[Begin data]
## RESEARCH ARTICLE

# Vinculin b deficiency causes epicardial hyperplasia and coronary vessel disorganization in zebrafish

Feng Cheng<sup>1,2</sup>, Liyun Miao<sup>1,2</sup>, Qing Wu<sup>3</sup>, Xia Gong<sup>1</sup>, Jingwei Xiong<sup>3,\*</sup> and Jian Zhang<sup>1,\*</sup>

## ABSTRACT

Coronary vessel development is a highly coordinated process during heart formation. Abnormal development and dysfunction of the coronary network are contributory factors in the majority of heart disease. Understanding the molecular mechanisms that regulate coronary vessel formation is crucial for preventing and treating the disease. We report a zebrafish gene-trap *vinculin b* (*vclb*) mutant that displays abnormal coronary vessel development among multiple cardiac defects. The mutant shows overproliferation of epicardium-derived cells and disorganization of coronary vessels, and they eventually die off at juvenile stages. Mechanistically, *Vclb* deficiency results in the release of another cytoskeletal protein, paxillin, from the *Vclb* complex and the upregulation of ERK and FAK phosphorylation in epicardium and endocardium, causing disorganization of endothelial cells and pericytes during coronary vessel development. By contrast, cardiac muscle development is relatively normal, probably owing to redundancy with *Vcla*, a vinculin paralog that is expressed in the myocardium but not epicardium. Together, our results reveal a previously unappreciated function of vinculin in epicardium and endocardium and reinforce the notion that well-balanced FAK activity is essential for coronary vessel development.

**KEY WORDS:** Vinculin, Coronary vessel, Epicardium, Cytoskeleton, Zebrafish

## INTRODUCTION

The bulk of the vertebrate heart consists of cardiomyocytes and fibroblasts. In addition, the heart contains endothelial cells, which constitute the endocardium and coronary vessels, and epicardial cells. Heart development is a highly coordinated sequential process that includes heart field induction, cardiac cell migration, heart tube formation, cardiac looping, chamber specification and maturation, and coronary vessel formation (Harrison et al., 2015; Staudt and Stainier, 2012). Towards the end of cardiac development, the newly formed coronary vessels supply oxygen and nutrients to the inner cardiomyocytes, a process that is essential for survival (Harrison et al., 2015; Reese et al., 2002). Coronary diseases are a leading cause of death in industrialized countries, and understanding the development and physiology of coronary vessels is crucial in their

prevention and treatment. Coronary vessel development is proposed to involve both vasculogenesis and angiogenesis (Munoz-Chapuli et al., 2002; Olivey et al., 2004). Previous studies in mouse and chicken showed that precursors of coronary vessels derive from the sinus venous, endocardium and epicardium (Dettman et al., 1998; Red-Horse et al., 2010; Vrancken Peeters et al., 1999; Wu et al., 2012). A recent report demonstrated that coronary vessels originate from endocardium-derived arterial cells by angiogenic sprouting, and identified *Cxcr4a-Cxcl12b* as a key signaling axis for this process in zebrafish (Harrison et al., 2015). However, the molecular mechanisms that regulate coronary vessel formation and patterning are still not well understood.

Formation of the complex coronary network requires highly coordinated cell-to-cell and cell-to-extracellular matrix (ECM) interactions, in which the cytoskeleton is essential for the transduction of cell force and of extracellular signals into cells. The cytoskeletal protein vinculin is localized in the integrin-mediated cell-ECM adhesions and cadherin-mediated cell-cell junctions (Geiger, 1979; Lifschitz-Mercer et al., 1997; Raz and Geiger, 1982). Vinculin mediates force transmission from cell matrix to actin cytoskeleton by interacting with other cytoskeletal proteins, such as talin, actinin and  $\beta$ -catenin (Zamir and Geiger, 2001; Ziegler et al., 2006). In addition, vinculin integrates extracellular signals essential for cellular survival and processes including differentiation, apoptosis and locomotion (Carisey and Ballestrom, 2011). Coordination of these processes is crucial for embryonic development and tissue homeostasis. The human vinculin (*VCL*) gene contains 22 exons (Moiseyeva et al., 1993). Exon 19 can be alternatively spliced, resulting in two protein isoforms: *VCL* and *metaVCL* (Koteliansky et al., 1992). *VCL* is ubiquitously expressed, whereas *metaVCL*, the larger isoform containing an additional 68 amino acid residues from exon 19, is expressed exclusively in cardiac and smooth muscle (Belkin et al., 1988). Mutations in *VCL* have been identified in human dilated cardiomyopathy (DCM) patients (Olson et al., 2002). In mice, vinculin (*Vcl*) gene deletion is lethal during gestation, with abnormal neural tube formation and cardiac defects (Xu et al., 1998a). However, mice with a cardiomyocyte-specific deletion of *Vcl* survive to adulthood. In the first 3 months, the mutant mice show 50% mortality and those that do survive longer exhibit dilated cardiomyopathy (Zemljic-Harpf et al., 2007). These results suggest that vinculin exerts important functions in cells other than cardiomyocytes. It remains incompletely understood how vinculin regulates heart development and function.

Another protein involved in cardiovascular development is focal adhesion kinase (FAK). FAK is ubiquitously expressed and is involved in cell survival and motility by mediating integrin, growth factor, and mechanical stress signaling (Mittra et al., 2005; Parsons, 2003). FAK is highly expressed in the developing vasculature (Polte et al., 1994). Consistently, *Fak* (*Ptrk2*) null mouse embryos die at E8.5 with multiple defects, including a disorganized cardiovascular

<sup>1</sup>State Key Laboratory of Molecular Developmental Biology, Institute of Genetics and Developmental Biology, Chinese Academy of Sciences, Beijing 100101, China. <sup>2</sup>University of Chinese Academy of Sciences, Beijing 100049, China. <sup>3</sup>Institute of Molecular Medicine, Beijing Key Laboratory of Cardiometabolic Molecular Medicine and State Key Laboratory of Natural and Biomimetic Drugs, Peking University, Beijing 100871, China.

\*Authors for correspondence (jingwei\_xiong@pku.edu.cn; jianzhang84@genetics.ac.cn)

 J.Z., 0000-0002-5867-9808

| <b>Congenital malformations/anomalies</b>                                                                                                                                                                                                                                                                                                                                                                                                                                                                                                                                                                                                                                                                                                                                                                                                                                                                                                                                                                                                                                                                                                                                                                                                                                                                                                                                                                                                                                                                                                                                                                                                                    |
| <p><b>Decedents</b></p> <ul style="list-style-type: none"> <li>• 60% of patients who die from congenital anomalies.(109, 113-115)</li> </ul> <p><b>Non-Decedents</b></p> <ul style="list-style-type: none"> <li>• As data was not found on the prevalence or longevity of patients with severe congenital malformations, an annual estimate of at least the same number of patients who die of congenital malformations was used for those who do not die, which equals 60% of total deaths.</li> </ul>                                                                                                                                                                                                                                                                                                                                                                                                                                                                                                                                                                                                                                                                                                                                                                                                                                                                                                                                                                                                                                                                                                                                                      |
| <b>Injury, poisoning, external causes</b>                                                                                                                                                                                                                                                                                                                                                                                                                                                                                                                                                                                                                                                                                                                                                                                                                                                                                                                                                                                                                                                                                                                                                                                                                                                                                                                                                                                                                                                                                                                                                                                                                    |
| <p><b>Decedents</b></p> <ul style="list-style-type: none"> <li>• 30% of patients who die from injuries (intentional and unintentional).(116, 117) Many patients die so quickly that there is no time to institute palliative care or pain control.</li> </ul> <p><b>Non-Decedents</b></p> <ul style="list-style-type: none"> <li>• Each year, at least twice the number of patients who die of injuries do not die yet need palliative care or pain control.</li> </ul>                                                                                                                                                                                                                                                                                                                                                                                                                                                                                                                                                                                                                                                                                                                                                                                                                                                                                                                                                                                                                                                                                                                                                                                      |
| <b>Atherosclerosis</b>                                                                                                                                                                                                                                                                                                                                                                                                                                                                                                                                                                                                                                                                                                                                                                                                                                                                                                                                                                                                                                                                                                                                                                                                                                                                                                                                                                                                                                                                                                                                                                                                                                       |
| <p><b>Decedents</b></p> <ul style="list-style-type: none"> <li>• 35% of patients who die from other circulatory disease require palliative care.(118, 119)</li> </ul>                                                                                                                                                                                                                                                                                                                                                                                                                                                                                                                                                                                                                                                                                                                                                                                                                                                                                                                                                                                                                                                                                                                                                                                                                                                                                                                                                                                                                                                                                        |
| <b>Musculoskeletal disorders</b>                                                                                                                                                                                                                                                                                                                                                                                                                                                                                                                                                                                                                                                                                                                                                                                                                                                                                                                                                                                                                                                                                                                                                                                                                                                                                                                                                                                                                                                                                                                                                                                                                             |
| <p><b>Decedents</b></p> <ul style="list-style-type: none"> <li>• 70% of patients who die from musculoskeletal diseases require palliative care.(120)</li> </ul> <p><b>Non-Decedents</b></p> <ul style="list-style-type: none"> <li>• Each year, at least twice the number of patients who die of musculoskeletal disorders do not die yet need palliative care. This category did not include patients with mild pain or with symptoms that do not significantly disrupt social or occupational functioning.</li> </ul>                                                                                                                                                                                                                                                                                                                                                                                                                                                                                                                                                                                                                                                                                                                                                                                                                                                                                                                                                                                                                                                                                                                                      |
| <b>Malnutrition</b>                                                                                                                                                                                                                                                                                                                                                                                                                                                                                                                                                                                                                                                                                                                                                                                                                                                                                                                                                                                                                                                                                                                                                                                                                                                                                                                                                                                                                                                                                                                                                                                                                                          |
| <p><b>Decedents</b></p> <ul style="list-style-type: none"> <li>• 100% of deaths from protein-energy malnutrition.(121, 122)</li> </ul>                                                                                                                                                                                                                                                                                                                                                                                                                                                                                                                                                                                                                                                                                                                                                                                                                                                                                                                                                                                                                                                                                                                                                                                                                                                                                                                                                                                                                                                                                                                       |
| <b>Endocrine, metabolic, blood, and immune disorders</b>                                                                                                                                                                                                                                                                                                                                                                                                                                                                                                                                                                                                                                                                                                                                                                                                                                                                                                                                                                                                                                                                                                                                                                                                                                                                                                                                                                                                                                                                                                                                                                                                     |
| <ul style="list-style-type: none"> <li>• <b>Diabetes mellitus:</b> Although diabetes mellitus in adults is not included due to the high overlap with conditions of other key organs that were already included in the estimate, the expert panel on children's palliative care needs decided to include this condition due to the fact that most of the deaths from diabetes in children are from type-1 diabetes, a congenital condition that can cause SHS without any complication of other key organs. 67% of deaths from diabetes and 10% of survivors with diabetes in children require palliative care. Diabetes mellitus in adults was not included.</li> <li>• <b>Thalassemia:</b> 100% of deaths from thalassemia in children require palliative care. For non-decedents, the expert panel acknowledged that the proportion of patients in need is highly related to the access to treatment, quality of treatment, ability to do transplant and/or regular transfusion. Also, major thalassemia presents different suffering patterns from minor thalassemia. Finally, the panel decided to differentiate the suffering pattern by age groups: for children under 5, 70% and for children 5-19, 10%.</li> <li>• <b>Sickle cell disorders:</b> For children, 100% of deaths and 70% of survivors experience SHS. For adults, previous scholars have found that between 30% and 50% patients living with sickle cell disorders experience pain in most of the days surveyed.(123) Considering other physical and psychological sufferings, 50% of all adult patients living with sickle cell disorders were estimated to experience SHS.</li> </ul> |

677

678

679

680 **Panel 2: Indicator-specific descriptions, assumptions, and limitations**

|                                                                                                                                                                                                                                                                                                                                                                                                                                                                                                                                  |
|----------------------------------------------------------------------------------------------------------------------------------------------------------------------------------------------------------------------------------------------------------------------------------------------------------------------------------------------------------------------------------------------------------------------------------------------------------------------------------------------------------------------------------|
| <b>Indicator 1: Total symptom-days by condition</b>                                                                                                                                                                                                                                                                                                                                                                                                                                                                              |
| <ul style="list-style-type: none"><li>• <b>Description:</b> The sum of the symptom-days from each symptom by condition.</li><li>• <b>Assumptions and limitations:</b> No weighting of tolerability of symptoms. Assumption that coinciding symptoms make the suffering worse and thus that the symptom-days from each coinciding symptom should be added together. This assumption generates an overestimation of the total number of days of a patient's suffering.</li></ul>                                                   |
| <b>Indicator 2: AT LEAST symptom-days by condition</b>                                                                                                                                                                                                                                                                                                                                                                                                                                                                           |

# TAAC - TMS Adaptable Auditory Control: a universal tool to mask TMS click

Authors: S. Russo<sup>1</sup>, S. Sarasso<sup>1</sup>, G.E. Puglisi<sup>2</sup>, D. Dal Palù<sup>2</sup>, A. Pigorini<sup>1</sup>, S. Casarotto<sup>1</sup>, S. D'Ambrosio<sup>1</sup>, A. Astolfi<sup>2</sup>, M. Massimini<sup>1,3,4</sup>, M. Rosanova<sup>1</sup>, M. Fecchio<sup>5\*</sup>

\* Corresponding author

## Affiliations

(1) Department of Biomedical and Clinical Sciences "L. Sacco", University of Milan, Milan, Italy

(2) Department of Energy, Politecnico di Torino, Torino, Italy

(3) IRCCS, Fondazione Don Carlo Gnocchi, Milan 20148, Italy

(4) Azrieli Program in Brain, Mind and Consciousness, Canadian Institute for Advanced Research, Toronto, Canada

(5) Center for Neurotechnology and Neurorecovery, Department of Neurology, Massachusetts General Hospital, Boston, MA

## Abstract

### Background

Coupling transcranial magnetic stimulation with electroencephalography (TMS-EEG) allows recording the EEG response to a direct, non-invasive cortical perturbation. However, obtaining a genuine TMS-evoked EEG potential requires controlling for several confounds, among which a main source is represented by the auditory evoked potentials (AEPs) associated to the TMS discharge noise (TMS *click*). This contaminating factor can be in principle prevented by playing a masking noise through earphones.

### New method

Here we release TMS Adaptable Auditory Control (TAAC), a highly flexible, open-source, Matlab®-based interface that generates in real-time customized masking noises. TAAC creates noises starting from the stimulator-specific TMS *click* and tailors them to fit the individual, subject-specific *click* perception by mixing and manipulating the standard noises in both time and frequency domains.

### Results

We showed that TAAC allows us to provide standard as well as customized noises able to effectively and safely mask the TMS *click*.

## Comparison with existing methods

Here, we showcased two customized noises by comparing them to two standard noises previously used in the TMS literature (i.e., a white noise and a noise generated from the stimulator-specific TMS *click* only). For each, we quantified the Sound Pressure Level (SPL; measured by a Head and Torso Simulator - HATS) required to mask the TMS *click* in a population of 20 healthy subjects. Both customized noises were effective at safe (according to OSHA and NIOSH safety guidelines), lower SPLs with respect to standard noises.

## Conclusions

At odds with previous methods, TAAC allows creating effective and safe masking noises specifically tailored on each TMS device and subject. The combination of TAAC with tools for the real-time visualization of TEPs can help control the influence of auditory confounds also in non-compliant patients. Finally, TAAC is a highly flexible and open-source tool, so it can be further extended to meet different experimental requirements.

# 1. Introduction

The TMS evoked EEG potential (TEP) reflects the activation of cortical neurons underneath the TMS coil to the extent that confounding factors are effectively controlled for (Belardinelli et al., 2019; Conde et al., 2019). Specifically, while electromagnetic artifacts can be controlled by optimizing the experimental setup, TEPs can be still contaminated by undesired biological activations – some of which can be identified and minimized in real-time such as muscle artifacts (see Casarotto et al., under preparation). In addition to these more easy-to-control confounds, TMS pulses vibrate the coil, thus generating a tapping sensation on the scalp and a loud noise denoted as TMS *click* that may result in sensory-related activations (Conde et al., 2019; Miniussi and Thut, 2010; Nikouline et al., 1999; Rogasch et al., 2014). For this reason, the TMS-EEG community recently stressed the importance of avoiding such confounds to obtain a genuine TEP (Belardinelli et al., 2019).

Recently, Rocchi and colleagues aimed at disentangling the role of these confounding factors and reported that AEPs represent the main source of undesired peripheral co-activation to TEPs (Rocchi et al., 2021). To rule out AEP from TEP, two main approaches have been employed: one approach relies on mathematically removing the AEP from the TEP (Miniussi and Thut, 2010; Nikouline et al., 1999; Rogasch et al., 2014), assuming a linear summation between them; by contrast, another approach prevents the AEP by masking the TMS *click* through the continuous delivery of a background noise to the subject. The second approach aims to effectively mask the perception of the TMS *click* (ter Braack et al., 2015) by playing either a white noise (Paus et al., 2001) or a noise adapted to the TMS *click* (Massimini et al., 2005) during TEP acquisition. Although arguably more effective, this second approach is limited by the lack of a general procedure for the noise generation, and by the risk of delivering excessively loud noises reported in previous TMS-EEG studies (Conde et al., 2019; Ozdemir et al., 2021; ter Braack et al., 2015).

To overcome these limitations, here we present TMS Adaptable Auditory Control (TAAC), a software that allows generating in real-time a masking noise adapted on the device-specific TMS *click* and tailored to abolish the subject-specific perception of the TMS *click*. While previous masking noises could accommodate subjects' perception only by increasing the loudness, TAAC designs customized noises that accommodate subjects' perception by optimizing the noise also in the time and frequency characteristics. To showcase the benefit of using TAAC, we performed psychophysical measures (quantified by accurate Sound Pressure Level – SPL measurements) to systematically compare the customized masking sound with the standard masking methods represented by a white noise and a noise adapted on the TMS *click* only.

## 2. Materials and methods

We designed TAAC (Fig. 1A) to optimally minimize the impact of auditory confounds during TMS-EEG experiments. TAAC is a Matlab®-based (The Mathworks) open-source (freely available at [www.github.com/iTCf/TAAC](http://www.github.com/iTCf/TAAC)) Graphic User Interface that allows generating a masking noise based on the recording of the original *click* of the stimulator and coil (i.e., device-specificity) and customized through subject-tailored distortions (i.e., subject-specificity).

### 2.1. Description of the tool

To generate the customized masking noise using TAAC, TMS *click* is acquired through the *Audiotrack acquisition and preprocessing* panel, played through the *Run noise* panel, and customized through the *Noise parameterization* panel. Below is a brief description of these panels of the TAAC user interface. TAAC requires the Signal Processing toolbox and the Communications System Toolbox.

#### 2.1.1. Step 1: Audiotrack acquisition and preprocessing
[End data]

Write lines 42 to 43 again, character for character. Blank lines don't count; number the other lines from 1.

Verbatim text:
(3) IRCCS, Fondazione Don Carlo Gnocchi, Milan 20148, Italy

(4) Azrieli Program in Brain, Mind and Consciousness, Canadian Institute for Advanced Research, Toronto, Canada